Hey, a distributed social network ;)

ftp protocol stream injection with Java and Python URL handling code

Alexander Bochmann Sunday 26 of February, 2017
Abusing FTP protocol inspection on firewalls to make them open arbitrary ports is an old game (and you should really disable that for "active" ftp data channel negotiation), but here's a new combination of attack vectors:

It's possible to create ftp:// URLs that contain additional FTP commands, which then get picked up by protocol inspection (Linux conntrack for example, but other implementations seem to use similar heuristics) to create inbound port forwardings. Java and Python protocol handlers don't sanitize input to remove such command injections, so if you find a setup suspectible to SSRF or XXE vulnerabilities, it might be possible to inject appropriately manipulated URLs.

Full writeup here: Blindspot Advisory: Java/Python FTP Injections Allow for Firewall Bypass .

(Via Oluf Lorenzen on G+.)

Linus Torvalds on effects of the SHA1 collision attack on git

Alexander Bochmann Sunday 26 of February, 2017
He wrote a summary on Google+, I'll just quote the intro, skip over to G+ for the whole thing:

Linus Torvalds wrote:
I thought I'd write an update on git and SHA1, since the SHA1 collision attack was so prominently in the news.

Quick overview first, with more in-depth explanation below:

(1) First off - the sky isn't falling. There's a big difference between using a cryptographic hash for things like security signing, and using one for generating a "content identifier" for a content-addressable system like git.

(2) Secondly, the nature of this particular SHA1 attack means that it's actually pretty easy to mitigate against, and there's already been two sets of patches posted for that mitigation.

(3) And finally, there's actually a reasonably straightforward transition to some other hash that won't break the world - or even old git repositories.

Anyway, that's the high-level overview, you can stop there unless you are interested in some more details (keyword: "some". If you want more, you should participate in the git mailing list discussions - I'm posting this for the casual git users that might just want to see some random comments).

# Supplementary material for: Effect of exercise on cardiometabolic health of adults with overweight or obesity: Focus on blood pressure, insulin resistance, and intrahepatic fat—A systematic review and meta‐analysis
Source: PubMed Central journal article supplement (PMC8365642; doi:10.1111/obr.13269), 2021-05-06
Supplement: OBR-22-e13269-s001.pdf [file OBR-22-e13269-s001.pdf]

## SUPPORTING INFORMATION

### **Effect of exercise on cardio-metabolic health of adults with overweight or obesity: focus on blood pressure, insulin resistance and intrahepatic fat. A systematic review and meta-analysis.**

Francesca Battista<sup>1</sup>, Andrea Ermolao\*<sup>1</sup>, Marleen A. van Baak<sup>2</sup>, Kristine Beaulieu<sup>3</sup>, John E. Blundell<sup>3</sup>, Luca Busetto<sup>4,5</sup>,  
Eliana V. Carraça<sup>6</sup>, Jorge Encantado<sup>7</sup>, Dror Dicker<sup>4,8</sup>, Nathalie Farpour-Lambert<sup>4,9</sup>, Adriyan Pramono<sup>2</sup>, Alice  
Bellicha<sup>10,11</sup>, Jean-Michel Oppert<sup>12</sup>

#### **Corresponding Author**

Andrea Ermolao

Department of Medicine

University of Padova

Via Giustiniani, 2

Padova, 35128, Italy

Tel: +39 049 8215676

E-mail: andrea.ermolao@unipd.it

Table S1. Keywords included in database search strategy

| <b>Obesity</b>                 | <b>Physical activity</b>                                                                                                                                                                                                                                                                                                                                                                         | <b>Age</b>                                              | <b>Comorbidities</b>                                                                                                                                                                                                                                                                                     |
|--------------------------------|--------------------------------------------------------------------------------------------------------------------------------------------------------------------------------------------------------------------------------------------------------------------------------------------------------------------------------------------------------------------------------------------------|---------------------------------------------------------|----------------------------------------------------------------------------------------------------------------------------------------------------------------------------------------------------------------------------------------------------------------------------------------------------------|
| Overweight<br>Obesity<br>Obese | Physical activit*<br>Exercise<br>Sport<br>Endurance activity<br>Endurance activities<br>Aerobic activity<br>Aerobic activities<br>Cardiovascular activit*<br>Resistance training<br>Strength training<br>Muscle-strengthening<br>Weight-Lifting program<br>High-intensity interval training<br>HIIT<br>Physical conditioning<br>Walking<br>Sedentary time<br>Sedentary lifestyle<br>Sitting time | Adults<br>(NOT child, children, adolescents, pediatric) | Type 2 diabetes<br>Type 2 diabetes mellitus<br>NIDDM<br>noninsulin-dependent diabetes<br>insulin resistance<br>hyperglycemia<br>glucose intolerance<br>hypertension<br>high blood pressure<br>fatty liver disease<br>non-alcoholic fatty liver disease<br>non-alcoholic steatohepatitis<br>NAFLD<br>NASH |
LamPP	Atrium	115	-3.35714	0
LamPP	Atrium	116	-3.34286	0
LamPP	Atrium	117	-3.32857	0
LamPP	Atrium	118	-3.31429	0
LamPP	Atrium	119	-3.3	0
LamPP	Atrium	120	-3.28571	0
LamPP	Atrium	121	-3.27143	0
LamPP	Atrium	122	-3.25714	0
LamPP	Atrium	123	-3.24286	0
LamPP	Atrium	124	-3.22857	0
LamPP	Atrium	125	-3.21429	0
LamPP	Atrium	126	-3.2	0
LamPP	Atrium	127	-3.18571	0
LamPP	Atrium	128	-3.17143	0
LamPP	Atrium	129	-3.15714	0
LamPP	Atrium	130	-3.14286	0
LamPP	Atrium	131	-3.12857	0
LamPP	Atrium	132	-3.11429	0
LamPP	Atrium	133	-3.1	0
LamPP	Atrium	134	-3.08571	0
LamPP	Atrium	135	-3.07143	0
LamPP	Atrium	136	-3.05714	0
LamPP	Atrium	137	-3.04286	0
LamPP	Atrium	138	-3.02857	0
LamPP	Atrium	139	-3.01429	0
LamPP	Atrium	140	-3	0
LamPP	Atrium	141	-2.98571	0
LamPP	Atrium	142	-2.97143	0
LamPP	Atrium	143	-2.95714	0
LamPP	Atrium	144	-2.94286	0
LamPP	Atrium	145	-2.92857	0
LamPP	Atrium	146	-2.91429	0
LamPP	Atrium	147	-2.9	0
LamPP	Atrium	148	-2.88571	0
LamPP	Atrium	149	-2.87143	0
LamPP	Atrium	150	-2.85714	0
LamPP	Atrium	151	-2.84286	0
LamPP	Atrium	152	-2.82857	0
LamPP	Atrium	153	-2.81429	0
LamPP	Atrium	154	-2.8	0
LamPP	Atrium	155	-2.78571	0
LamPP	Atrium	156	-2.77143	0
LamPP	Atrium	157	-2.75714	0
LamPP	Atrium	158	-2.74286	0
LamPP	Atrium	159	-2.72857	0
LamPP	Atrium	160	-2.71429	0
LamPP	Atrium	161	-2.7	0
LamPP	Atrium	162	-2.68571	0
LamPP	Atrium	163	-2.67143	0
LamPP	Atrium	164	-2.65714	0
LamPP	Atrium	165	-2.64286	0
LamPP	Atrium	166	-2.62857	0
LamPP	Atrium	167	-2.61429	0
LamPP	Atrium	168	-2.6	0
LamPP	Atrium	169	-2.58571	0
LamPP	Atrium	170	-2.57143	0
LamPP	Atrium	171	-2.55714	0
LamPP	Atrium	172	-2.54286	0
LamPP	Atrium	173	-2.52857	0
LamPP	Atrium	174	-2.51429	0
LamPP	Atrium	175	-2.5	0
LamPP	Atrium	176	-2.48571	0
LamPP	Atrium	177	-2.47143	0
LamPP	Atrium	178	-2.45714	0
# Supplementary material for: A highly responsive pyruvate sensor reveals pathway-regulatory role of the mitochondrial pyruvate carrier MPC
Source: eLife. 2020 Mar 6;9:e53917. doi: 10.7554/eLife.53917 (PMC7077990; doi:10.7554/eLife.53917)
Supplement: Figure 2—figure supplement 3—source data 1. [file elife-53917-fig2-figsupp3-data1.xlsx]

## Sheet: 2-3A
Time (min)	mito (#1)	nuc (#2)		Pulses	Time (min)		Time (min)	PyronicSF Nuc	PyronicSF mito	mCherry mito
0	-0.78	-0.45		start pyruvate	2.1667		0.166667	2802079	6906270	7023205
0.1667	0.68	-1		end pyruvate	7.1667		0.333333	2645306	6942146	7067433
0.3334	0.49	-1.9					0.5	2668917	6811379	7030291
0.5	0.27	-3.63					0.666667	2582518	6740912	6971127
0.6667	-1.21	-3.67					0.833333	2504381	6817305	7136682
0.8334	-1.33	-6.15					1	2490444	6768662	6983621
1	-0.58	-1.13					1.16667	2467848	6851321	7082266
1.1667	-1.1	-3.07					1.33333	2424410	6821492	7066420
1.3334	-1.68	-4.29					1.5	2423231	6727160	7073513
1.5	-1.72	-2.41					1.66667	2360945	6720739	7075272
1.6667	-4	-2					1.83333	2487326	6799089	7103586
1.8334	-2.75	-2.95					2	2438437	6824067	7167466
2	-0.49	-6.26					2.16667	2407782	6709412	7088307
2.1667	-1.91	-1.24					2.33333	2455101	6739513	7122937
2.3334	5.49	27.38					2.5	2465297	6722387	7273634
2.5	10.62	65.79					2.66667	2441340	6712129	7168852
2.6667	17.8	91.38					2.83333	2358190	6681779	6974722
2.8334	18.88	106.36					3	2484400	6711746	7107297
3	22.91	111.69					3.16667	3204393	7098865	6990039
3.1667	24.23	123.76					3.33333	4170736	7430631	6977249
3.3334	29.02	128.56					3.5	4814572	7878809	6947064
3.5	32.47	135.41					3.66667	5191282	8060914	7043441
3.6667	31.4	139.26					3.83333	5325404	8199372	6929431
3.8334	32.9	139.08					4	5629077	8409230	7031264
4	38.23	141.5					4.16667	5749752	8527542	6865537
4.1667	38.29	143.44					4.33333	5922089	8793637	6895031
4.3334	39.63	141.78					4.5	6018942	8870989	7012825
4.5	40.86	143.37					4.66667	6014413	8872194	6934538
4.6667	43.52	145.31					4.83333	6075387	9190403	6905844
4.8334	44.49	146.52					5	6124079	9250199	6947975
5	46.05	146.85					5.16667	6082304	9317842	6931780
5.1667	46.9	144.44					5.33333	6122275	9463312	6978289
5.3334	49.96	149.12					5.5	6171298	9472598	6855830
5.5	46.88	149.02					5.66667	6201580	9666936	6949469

In one of the comments, Linus also explains why objects with a colliding SHA1 hash won't be an immediate problem for git, while they can be used to destroy, for example, an SVN repository:

Linus Torvalds wrote:
SVN (unlike git) just does the SHA1 on the raw object data as the de-dupe mechanism, which is why just feeding the colliding pdf files into SVN triggered the problem.

Git ends up doing the SHA1 not on the raw user data, but on a "git object data", which includes a header with a type and a length. That means that if you just use the poisoned pdf's, git won't actually see the same SHA1 at all for them, and so we don't actually have a "real" git test case for the SHA1 collision yet.


SANS reading room: Tor Browser Artifacts in Windows 10

Alexander Bochmann Saturday 25 of February, 2017
This new document (PDF) in the forensics category of the SANS reading room introduces quite a few basic Windows-specific forensic tools being used on an example of tracking down the changes caused by a Tor Browser installation.

The first one being mentioned, Regshot (to compare the Registry before and after installation), seems immediately useful.

Airbus Cybersecurity: Playing defence against the Equation Group

Alexander Bochmann Saturday 25 of February, 2017
I missed this back in October: Airbus Cybersecurity has a long post examining specifically the documentation files from the Equation Group data leaked by Shadow Brokers...

Seems like quite a good summary on that part of the information.

These tools and exploits do not change the path of a normal killchain. What we see here is reconnaissance (command sets), lateral movement (RCEs on admin interfaces), privilege escalation [..], persistence [..]. This leak contains no initial intrusion material. This means that regular detection and defence strategies still apply. Even if we assume the worst-case scenario of a remote code execution on the public interface of a border firewall, it still takes us back to a defence-in-depth doctrine. [..]
What the exploits, tools and procedures contained in the package show is that Equation Group is actively pursuing admin networks and infrastructures. In this respect, the fact that they abort if logs are sent to separate equipment unless they “own” this equipment is a tell-tale sign of their operational tactics. [..]
What stand out are the professionalism, the organisation given to this task, and their focus on retaining stealth. As Rob Lee of SANS says, “It’s an army set-up to hack your organization”. That makes them a formidable opponent.